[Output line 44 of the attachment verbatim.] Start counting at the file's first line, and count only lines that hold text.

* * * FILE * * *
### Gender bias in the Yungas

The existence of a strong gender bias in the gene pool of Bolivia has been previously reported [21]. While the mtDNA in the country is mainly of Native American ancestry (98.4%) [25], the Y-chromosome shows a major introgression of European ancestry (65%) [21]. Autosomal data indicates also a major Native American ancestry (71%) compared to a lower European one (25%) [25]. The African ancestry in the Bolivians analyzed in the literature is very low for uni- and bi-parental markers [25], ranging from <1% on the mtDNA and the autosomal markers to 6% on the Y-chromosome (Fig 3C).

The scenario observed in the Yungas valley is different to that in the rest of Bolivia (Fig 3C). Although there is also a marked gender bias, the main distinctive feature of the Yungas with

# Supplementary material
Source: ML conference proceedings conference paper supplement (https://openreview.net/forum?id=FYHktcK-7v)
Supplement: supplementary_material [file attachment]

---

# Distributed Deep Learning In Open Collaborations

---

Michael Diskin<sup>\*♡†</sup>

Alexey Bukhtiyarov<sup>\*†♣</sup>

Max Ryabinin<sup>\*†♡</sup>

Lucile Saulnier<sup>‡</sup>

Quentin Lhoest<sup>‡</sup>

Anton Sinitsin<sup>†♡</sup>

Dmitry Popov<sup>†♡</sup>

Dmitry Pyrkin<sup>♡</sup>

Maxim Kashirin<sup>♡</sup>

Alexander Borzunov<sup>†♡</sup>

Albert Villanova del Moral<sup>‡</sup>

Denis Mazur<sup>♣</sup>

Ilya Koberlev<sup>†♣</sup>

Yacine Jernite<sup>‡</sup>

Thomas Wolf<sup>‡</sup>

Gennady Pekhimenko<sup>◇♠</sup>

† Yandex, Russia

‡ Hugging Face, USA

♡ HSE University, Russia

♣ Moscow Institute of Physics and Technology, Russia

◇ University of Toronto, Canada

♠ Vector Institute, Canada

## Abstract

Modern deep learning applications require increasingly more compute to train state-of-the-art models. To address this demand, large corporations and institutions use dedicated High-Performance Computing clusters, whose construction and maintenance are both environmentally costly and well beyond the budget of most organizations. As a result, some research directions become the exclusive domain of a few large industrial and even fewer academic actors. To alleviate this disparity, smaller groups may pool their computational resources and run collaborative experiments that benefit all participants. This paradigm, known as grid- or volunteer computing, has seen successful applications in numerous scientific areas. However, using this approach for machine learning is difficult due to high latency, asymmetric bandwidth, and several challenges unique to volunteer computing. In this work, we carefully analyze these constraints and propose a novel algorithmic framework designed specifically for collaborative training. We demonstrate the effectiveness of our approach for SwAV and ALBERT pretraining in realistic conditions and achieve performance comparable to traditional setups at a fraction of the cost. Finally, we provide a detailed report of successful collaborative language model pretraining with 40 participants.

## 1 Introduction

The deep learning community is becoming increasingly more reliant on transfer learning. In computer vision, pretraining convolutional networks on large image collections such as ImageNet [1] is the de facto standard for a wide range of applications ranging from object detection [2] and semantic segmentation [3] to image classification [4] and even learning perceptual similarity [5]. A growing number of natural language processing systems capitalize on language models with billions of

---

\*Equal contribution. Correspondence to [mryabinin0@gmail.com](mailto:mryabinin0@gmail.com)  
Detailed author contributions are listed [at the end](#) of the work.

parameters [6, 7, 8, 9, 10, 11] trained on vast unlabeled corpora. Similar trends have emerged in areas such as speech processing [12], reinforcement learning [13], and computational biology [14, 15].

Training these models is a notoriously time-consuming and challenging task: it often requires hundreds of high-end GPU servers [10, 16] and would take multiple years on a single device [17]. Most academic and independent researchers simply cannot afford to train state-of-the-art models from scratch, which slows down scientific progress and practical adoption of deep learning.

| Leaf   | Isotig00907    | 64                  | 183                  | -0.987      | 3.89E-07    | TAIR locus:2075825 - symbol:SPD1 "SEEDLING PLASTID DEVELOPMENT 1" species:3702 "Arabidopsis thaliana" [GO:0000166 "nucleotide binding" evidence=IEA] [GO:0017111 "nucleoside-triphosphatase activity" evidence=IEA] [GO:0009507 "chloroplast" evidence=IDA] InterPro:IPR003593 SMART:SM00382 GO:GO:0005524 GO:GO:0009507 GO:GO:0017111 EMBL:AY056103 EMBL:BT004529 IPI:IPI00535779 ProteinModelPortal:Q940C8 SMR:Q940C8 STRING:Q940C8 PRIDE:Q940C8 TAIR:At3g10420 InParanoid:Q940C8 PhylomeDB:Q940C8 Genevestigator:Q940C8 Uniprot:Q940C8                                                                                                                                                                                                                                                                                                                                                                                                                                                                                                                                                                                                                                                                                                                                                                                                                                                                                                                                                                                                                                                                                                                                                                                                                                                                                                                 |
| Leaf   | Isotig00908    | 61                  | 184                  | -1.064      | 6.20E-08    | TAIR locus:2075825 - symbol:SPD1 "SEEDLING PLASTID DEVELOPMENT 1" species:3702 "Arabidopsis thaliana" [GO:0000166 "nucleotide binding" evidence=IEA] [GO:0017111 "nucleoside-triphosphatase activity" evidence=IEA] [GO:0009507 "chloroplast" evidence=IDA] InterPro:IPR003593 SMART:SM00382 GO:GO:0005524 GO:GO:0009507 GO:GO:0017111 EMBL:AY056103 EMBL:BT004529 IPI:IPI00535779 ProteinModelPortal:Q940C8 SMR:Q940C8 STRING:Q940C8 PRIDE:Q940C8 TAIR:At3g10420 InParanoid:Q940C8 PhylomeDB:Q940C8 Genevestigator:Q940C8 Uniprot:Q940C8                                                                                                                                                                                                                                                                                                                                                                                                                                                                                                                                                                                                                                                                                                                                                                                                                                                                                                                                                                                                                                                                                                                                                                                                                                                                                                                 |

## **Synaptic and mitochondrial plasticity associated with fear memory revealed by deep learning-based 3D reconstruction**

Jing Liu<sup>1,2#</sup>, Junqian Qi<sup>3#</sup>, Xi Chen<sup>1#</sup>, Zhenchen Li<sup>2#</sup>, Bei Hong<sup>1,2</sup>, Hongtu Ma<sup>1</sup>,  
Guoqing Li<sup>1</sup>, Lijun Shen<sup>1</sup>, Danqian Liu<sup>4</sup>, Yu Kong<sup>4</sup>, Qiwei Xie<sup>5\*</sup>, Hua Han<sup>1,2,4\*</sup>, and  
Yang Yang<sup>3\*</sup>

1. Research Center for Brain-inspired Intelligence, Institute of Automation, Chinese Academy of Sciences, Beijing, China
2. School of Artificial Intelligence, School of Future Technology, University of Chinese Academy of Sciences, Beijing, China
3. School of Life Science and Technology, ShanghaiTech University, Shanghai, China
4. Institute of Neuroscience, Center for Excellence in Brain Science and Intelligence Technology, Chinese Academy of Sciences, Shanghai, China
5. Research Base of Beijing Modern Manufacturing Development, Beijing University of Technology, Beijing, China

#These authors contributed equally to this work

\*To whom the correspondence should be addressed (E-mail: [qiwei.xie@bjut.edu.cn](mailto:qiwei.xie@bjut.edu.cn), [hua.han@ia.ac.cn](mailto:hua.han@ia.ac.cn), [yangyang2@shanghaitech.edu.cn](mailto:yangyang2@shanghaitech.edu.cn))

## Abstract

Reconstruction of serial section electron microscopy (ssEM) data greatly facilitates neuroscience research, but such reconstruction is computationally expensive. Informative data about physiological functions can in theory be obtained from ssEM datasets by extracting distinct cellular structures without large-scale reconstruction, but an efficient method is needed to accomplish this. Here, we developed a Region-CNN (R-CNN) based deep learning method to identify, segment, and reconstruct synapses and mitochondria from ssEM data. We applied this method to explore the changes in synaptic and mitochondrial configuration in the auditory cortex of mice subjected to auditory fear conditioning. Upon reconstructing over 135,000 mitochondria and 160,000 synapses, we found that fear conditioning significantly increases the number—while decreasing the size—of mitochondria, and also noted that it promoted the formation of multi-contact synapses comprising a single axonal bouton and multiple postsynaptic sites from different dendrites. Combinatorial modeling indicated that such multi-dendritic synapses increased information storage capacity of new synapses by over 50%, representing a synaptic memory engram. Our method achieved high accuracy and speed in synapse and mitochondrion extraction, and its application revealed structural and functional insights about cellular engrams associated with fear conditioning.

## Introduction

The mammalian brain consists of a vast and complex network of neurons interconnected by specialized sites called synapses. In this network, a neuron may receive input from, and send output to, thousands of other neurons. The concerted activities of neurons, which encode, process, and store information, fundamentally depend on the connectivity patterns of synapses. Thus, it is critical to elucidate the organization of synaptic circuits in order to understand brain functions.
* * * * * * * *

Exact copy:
Jing Liu<sup>1,2#</sup>, Junqian Qi<sup>3#</sup>, Xi Chen<sup>1#</sup>, Zhenchen Li<sup>2#</sup>, Bei Hong<sup>1,2</sup>, Hongtu Ma<sup>1</sup>,  